Content is always going to the prime commodity in this industry. The music industry relies on a steady stream of new artists and new 'hits' to survive. I see the creation of 'Networking Engines' in which people's servers are used to aggregate not just their playlists and video favourites on social networking sites - but the entire usage of your complete machine. Marketeers will exploit this information accordingly in an attempt to extract a tiny trickle of money from us each day rather than 'chunks' of £10 pieces.

As the network expands, the net worth of music content will fall - artists will rely on volume sales of a few pence per stream or download rather than the big ticket item of the album sale. As the value of the content drops, the need for subscription based services will rise; people will view music procurement as a 'virtual' affair - collections will be housed remotely and vaults of CD/record collections (in the main) will give way to the subscription model described above.

As a result there will be a polar reaction in the underground and eclectic music genres; a push back to traditional formats and a brand niche of 'specialist' record collectors.

Traditional releases will still be available for the next ten years - after this they will become more and more a minority taste. Stores like HMV will downsize their physical footprint and become 'channels' for content rather than a high-street music warehouse.

What are your opinions on DRM (Digital Rights Management)?
It is the dying breath of an industry attempting to secure brand loyalty - it's a pointless affair, that will be eradicated sooner rather than later. Sony, Apple and the like should have focussed all their attention on researching the ultimate compression algorithm to digitise music lossless-ly at a fraction of the current filesizes, rather than attempting to hobble file-sharers. This would have placed them as market leaders in mobile content delivery, the big place to be over the next ten years.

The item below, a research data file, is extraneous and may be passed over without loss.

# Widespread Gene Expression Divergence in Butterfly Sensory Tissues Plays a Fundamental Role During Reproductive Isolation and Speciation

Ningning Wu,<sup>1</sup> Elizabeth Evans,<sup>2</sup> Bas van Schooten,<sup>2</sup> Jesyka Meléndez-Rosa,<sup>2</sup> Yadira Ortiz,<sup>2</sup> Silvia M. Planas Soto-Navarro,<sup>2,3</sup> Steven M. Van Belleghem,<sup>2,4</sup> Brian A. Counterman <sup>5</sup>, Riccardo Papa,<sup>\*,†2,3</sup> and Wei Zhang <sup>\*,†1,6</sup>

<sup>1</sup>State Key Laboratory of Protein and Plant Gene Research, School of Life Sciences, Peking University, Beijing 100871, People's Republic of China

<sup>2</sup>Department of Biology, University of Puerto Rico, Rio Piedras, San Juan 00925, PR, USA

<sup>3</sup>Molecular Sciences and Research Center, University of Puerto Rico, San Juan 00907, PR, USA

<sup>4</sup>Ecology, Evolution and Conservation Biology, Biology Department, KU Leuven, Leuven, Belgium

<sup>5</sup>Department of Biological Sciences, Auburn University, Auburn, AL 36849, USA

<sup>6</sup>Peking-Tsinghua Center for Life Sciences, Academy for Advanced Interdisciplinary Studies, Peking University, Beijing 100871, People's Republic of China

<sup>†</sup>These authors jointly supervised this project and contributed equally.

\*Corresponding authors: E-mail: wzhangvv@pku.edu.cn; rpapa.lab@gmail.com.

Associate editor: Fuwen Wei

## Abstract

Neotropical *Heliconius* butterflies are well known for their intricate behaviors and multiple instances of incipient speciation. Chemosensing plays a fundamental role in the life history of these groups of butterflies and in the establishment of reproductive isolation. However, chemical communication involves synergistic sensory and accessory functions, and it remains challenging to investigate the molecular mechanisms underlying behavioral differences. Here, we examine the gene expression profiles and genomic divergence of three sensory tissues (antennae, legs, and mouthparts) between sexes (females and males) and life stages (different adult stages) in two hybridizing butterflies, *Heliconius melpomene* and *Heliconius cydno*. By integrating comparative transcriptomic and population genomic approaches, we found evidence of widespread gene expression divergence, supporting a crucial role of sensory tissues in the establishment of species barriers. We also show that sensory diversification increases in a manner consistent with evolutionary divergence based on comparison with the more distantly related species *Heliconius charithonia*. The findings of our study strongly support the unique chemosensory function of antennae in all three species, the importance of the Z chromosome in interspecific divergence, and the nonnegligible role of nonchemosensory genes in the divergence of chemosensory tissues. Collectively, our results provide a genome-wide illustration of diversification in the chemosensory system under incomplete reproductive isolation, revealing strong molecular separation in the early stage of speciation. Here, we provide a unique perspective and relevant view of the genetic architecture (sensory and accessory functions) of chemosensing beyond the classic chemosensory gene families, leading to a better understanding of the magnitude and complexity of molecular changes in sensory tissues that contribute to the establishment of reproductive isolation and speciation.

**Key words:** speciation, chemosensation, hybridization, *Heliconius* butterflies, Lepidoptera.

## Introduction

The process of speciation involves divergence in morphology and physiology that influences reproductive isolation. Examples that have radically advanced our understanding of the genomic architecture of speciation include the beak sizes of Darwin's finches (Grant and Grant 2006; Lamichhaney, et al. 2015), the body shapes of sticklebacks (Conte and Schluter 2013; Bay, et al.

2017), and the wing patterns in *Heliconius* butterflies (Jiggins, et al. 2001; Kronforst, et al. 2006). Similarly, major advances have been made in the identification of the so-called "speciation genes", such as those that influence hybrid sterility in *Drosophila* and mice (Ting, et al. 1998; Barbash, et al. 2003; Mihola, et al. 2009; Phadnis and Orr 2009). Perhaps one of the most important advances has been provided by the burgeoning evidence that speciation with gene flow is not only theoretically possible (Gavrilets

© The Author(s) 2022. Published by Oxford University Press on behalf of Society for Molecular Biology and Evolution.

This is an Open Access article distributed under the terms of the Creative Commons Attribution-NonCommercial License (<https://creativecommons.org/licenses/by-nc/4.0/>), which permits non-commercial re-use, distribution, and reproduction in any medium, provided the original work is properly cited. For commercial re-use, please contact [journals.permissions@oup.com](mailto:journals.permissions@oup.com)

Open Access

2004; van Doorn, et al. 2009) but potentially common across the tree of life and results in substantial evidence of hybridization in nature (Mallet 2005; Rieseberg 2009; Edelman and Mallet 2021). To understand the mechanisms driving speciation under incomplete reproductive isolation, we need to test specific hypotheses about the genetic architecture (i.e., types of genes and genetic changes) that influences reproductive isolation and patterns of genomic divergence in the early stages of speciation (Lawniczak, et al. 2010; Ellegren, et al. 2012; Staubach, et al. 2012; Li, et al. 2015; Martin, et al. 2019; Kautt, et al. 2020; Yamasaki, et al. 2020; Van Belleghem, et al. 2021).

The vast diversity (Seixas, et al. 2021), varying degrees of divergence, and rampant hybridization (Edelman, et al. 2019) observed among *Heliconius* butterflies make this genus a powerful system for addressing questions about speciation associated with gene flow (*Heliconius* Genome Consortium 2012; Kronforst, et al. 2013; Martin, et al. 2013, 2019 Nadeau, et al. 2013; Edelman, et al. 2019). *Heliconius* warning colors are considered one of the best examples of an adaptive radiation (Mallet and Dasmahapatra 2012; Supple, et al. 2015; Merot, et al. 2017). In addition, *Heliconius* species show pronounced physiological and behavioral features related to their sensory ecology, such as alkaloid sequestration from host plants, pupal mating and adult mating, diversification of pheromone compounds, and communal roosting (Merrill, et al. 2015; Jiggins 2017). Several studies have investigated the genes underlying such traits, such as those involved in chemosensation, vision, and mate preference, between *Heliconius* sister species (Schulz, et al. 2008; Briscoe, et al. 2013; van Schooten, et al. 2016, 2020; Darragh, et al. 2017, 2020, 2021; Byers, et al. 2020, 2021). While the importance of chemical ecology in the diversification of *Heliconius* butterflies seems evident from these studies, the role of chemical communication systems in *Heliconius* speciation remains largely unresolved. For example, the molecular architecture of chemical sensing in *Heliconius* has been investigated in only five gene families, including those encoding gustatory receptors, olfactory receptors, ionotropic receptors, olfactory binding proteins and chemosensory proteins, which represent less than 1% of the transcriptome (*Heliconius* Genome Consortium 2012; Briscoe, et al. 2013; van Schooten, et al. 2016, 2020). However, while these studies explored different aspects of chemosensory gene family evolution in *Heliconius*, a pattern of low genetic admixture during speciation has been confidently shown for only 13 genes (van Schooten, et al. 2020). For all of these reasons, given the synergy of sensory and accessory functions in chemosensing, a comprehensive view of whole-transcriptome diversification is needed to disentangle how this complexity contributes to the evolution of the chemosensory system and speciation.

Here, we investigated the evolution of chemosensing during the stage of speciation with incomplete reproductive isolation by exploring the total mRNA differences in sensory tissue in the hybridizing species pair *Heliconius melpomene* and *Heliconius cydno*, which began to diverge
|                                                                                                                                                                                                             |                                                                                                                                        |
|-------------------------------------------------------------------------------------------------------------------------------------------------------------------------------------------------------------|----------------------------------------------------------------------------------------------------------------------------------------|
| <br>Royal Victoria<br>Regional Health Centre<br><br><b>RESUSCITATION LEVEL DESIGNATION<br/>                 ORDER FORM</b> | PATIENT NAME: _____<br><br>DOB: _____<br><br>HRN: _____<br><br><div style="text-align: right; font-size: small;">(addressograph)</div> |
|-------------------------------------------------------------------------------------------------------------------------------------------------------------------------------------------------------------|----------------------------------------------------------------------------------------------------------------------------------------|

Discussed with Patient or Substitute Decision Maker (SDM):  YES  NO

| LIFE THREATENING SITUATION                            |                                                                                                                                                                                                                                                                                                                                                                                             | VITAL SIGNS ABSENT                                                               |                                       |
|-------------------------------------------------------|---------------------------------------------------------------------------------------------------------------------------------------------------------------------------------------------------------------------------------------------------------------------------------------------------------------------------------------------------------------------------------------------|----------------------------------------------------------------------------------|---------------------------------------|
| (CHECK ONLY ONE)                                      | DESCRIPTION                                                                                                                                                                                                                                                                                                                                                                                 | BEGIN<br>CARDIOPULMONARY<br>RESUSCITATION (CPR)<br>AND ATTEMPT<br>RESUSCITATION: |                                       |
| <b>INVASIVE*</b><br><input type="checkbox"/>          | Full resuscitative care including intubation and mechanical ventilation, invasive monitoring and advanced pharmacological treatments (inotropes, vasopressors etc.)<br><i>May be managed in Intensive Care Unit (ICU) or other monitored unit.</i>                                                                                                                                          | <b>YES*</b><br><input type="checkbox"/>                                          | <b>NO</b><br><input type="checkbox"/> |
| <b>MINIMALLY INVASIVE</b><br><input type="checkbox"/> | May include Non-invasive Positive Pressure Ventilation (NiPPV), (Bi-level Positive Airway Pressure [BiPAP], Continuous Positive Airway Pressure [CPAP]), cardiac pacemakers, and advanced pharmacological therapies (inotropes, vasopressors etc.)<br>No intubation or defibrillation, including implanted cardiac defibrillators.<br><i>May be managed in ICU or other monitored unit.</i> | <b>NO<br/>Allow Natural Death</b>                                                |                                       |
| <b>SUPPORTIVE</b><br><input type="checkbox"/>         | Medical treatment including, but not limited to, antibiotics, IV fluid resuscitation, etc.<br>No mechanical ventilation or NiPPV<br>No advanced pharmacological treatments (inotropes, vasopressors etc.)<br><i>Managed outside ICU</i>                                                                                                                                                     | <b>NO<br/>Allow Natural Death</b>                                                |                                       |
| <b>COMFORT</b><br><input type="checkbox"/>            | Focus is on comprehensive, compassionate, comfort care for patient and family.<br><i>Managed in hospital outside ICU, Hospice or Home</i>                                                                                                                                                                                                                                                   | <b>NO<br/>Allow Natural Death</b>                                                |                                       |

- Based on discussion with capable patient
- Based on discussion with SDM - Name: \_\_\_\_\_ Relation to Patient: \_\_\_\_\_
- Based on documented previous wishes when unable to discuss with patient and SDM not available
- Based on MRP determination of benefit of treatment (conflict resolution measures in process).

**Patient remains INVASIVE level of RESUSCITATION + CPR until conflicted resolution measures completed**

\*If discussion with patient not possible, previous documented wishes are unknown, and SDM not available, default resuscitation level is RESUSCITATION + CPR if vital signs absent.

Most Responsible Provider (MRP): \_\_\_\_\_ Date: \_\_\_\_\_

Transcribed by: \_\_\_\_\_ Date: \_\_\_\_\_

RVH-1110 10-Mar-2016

Do you believe that independent record labels can survive the digital age of the music industry?
I feel that if your music is good then people will support you. Independent labels tend to have a maximum lifespan of five years, virtual technologies allow this life-span to increase indefinitely as the logistics of running a record label now are as straightforward as maintaining an email inbox. It's an exciting time.

Do you believe that the mp3 file will ever replace physical music formats?
MP3 as a compression format, will have it's day relatively soon. As discussed previously, compression algorithms will become the next 'format war' between online vendors. Owning records will become a quaint pastime in a few years. We don't really have stamps anymore when we go to the post office, we have virtual sticky labelling; it's the same sort of thing. It's too expensive now to produce tactile, individual content.

Do you believe the digital ageĀ of music distribution and promotion is creating a level playing field in the music industry?
No, corporations that have access to the largest marketing budgets will always have market dominance. However, the niche marketeers (like Smalltown America) will proliferate and the long-tail model of product distribution will come into being. There is money to be made, you just have to work hard for it.